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Die Haut and Nick Cave - Burnin' the Ice

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Artist: Die Haut and Nick Cave

Album: Burnin' the Ice

Label: Hit Thing

Review date: Jul. 26, 2004

After abandoning the Old Testament riot act he laid down with the Birthday Party, but before redeeming himself in the obessive gospel carnival of the Bad Seeds, Nick Cave wrote and sang for Berlin’s grubby, galvanizing Die Haut. Four cathartic landmarks, along with three cerebral instrumentals, comprise 1982’s Burnin’ the Ice, now salvaged from the vaults and tacked with encyclopedic liner notes.

While Die Haut wears the Birthday Party’s influence like a tattooed tear, it garnishes the thudding headfuck with a two-guitar cold-cock that would’ve upstaged any lesser frontman. Fortunately, Cave’s still howling here.

“The Stowaway” hints at the campfire yarns he’d cook up down the road apiece (“My girl turned blue and an iceberg do / And I’m totally shipwrecked over her”). But he’d prefer to rant to the drizzly Euro skies (“And if I die tonight then throw me in / Some black Teutonic hole / Six feet under with a snap frozen soul / And really we could all just die of shame… Dumb Europe!”). One wonders what this moody Aussie’s hosts would’ve done to cheer him up had he not, at the end of the day, been given over to labor-intensive urban hedonism (“They’re working us like dogs ‘round here / ‘Cause pleasure is the boss”).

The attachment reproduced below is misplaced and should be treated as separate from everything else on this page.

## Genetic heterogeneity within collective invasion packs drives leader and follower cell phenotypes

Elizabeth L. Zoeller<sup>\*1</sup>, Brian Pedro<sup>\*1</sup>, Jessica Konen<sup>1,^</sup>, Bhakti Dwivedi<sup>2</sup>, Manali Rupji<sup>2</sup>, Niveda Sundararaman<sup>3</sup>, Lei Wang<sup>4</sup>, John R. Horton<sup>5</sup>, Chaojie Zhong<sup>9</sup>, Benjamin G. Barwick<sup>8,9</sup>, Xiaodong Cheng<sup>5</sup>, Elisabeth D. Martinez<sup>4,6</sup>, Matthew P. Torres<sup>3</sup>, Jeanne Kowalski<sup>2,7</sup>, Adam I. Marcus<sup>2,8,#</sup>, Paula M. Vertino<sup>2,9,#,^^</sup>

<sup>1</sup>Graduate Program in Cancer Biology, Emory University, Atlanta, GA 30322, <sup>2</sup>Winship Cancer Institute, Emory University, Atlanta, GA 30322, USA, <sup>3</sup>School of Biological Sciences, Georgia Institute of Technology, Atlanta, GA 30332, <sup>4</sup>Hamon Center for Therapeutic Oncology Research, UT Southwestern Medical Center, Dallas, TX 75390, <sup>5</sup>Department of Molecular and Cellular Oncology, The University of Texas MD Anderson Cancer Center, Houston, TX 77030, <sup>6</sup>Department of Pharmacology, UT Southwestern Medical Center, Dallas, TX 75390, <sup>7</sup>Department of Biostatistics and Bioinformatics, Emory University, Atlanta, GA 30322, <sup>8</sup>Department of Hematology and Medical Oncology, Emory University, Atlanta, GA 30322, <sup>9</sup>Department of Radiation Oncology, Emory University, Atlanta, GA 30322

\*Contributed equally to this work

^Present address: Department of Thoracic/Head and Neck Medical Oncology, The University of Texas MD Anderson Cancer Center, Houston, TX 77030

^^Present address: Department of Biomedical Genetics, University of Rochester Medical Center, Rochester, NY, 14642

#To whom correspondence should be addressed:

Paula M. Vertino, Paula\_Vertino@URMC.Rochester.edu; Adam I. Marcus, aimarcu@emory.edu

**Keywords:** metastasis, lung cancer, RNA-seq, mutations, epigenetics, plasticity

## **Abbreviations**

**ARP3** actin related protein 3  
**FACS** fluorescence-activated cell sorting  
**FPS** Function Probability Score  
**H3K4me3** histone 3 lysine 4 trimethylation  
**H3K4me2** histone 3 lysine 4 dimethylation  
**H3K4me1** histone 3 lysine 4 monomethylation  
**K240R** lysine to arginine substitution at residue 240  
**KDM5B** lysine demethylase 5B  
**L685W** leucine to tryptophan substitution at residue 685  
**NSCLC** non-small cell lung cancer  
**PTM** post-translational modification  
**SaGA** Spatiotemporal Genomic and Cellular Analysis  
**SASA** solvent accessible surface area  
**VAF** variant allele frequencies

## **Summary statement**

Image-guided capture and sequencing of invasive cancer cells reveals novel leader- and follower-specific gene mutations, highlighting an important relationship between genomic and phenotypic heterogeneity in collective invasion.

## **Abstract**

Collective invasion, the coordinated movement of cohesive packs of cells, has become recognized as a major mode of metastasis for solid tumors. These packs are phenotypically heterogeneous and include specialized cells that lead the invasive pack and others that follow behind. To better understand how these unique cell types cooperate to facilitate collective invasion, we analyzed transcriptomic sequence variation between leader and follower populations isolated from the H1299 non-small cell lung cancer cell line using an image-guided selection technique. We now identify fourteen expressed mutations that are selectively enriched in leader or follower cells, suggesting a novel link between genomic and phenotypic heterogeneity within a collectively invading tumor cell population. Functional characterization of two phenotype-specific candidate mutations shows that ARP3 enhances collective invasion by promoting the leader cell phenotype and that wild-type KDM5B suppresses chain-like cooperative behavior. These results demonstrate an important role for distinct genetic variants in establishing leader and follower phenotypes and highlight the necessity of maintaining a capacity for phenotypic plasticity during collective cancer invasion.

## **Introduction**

Die Haut sodomizes organic new wave in much the way its heroes the Residents treated ’50s and ’60s kiddie fodder circa Third Reich and Roll. All that’s left is a wet gargle and a lacerating sneer. The rumbling strength behind the band’s cynical approach – sloppy, yes, but the Cave-less “Tokyo Express” reveals these guys as cold, complex brainiacs on par with Einsturzende Neubauten – makes it connect with rare brutality.

For Cave fanatics who haven’t logged many hours with the Birthday Party (I meet a few new ones every month, it seems), Burnin’ the Ice might, as those records do at first brush, feel like perching in a tiny, packed under roaring train tracks. But as you come to realize each noise happens for a reason, the party comes alive. If nothing else, it’s a welcome reminder of the days when Nick Cave clearly wanted to scare us.

By Emerson Dameron

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